How Kevin Love is dominating the boards

"Rebounding Ent" By Anthony Bain

As much awe as the athleticism of NBA players inspires, so many facets of the game are won and lost by the basic measure of who gets to a specific spot first. Technique and anticipation are as paramount to NBA success as any of the physical attributes on which fans, coaches, and GMs place a premium. Michael Jordan redefined his game in his first comeback, crafting a deadly offensive repertoire based on savvy and angles. Steve Nash may be the best point guard of his generation despite lacking explosive athleticism, rather generating his production from anticipation, footwork, deceptiveness and court vision. But as much as these intangibles are praised in other facets of the game, rebounding is still viewed as a realm for the bruisers, the superior athletes – the Dennis Rodman’s, the Dwight Howards and the Ben Wallaces. At the age of 22, Kevin Love, an undersized power forward lacking even average athleticism by NBA standards, is illustrating what truly makes an elite rebounder.

Rebounding as it is taught can be broken down into two well-timed actions, both of which involve winning the race to a spot on the floor: the box out and the release. Despite his limitations, Love excels at both of these. He has an unbelievable knack for sensing when a shot is going up, in many instances having already established ideal rebounding position as the shot is being released. He routinely rotates to the weak side of the basket, where the majority of rebounds carom, and puts a body on anyone within range.

Forget about boxing out, Love stonewalls opponents, on many occasion fighting off multiple players while he tips home a missed shot or hauls in a loose ball thanks to his strong, solid base that makes him close to immovable. In concert with Love’s textbook form, his thick legs and trunk also allow him to hold a box out seemingly ad infinitum. Most big men have little problem ramming their backside into an opponent to establish position, but notably fewer can keep opponents out of the play from start to finish. Love boxes out like Gary Payton used to defend the perimeter, sliding and moving with his man to ensure he doesn’t pass with a swim or spin move, only rather than relying on visual cues, he uses feel and anticipation.

The release is somewhat more difficult to teach. Love holds his man on his back (sometimes more than one) and flies to the ball once it is within his reach, maintaining his position until that moment when the basketball reaches a space only he has access to. It’s akin to an elite quarterback directing a pass to an area where only his receiver can make the catch. The final piece of the puzzle is Love’s commitment to going for the ball with both hands, which results in a low percentage of wasted rebound opportunities where he gets a hand on the basketball only to lose it to another player. It isn’t that he’s working that much harder than any of the other elite rebounders in the NBA, rather he excels at the details to a degree few can match.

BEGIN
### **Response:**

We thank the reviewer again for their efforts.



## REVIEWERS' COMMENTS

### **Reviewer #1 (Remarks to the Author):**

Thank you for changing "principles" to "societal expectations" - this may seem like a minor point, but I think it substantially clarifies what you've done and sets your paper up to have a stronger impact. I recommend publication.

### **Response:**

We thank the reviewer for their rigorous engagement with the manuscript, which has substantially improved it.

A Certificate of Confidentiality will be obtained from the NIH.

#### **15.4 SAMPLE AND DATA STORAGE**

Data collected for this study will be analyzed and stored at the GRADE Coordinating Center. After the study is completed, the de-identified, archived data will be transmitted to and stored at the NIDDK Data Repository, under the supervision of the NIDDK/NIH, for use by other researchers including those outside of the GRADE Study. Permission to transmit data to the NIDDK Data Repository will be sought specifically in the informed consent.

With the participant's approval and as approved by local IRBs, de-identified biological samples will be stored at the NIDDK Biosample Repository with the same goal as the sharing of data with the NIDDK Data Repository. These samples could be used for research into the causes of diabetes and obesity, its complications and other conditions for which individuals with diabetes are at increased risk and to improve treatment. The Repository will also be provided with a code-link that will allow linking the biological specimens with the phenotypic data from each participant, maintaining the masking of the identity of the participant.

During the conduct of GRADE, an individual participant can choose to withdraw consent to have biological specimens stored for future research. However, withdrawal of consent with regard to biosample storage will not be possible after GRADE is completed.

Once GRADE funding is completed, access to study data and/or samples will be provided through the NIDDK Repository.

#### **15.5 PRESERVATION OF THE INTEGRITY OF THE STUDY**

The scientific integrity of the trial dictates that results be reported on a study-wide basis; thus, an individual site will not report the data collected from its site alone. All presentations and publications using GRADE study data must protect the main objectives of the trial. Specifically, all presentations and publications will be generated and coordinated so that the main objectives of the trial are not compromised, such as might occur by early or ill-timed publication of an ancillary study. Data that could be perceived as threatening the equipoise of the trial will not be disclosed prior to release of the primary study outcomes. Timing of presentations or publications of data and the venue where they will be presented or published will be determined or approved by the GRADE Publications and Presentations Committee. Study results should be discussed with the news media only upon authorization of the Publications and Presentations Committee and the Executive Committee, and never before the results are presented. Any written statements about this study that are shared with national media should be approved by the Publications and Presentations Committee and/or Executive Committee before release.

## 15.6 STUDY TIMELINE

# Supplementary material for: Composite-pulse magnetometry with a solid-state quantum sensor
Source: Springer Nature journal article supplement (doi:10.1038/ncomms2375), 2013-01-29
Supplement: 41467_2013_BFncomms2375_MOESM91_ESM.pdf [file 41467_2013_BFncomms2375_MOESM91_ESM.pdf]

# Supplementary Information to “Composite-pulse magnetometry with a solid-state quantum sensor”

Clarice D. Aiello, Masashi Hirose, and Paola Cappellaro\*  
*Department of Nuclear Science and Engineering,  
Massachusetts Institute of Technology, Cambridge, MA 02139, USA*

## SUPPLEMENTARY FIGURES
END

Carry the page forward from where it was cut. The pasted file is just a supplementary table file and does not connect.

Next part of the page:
Of course, like all great players he has developed several wrinkles to supplement his masterful skill set. His double box out move where he pins off a player with each arm before releasing and tipping in a short rebound is just special. Then there’s the “I know I can’t grab this with two hands, so I’m going to slam it to the court with one and then snare it before you can” move, one that has been used in the past, but nobody today does it better. Indeed fighting for boards with Love must be like guarding Hakeem Olajuwon or Kevin McHale in the post: it’s the combination of physical aptitude, technical prowess and diversity of moves that makes him so difficult to handle.

The finished product is a brilliant grouping of technique and anticipation resulting in elite production. At his current pace, Love is entering all-time great season territory. Through Minnesota’s first 32 games he is averaging 15.5 rebounds per game while posting a total rebound percentage of 23.7% (an estimate of the available rebounds a player grabbed while on the floor). For reference, only four other players in history have averaged greater than 15 rebounds per game while posting a TRB% of 20 or higher: Moses Malone, Dennis Rodman (six times), Ben Wallace and Danny Fortson.

It’s too soon to judge Love’s place in the ranks of great glass cleaners. But in two and a half seasons Kevin Love has demonstrated the desire, technique and rebounding “moves” necessary to enter the curious pantheon of players who have produced the most from the fewest physical gifts.


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